As I always say, I don't play baseball for personal accolades or recognitions. That is why, for me, this election to be the starting first baseman for the American League in this year's Midsummer Classic was a surprise. I'm really overwhelmed with the honor, especially after realizing that the last White Sox player to be voted in by the fans was Frank Thomas 22 years ago.

At first, I was questioning my election because the last month and half I haven't been producing or performing at my best, even though I've been working as hard as possible. But that is how baseball goes, and I just have to deal with it. I can't quit or retreat. I need to keep moving forward. I need to be strong to overcome slumps, struggles and obstacles, just like every other person in real life.

After I received the official news about my selection to the All-Start Game, all my doubts and feelings that were holding me back and making me feel guilty disappeared. I just felt happy and relieved because all of a sudden I realized being voted by the fans is an honor and a responsibility bigger than me. I also understand that this was a recognition of all my effort since I started playing in the big leagues in 2014.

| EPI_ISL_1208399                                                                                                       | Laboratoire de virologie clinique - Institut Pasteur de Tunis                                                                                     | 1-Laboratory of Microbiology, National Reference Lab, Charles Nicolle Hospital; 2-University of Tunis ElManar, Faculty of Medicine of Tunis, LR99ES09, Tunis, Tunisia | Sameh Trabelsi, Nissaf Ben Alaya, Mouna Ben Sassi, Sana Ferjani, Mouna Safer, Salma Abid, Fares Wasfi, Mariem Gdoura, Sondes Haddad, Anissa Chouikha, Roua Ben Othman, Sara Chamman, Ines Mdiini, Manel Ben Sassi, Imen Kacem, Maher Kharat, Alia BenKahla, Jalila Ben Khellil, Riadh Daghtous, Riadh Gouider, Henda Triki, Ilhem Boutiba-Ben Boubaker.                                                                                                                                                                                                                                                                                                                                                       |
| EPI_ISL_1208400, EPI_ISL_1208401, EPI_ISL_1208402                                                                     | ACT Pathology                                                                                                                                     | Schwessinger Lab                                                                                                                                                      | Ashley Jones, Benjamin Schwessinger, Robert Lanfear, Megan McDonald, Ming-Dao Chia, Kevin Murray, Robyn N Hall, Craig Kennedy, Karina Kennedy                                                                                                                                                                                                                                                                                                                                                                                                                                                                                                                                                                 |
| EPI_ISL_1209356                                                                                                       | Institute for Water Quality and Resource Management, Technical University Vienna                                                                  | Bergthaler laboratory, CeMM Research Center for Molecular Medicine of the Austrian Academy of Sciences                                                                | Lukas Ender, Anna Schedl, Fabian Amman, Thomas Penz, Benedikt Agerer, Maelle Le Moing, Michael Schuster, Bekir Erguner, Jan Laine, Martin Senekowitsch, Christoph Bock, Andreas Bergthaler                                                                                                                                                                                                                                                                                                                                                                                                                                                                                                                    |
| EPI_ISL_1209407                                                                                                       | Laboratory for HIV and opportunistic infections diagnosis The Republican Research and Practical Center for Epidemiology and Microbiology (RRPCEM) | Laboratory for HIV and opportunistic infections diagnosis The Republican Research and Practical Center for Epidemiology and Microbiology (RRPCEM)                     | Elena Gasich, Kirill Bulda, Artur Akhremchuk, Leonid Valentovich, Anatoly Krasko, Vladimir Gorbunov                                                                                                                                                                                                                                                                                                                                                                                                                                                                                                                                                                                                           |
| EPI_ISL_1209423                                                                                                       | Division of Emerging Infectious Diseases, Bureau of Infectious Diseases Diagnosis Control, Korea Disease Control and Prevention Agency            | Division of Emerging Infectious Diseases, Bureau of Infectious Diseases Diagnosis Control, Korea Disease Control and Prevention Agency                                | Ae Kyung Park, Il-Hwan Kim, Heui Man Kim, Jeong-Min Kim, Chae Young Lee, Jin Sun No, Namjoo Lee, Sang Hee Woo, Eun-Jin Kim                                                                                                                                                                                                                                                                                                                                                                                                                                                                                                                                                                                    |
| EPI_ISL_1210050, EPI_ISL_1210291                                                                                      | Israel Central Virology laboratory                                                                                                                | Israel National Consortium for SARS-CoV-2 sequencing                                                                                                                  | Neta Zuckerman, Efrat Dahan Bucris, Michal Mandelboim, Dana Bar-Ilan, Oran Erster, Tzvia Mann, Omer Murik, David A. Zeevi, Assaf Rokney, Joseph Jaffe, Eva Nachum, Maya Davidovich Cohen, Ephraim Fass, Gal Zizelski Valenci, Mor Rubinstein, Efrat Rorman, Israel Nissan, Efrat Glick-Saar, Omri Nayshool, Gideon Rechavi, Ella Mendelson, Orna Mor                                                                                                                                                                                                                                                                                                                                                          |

Video: Abreu lands a spot in the 2018 All-Star Game

Without question, this is a motivation that I hope to carry with me to Washington and for the rest of the season. I am making a promise to all of you: I'll give my very best effort to represent you and the great White Sox organization at Nationals Park on Tuesday.

I'm sure it will be an overwhelming experience, much like my first one in 2014 at Target Field in Minnesota. Back then, I was a rookie and I had the opportunity to be around great players like Derek Jeter, who was in his last year as a player, and share the field with them. But nothing was more exciting than hearing my name attached with the Chicago White Sox: "From the Chicago White Sox, first baseman Jose Abreu." That gave me goosebumps.

This time, in Washington, I will have the blessing and opportunity to enjoy the All-Star Game with my entire family and loved ones. But most importantly, I will have my two sons, Dariel and Josué, with me. They weren't with me in 2014. Dariel was in Cuba, and Josué wasn't born yet.

This wouldn't be possible without the support of all of you, and for that I am sincerely grateful. As I always say, I play this game to bring you joy, to represent the Chicago White Sox organization and to make my mom and all my family happy and proud.

Thank you.

Jose Abreu is a first baseman for the Chicago White Sox.

Chicago White Sox, Jose Abreu

In My Words: Fatherhood on deck for Lopez

Special to MLB.com

I'm ready and excited to become a father.

This is the greatest blessing a human being can have. For me, it is everything. That is the reason why I feel happy, excited and nervous all at once. My baby girl will be my princess and the new light of my life.

I'm ready and excited to become a father.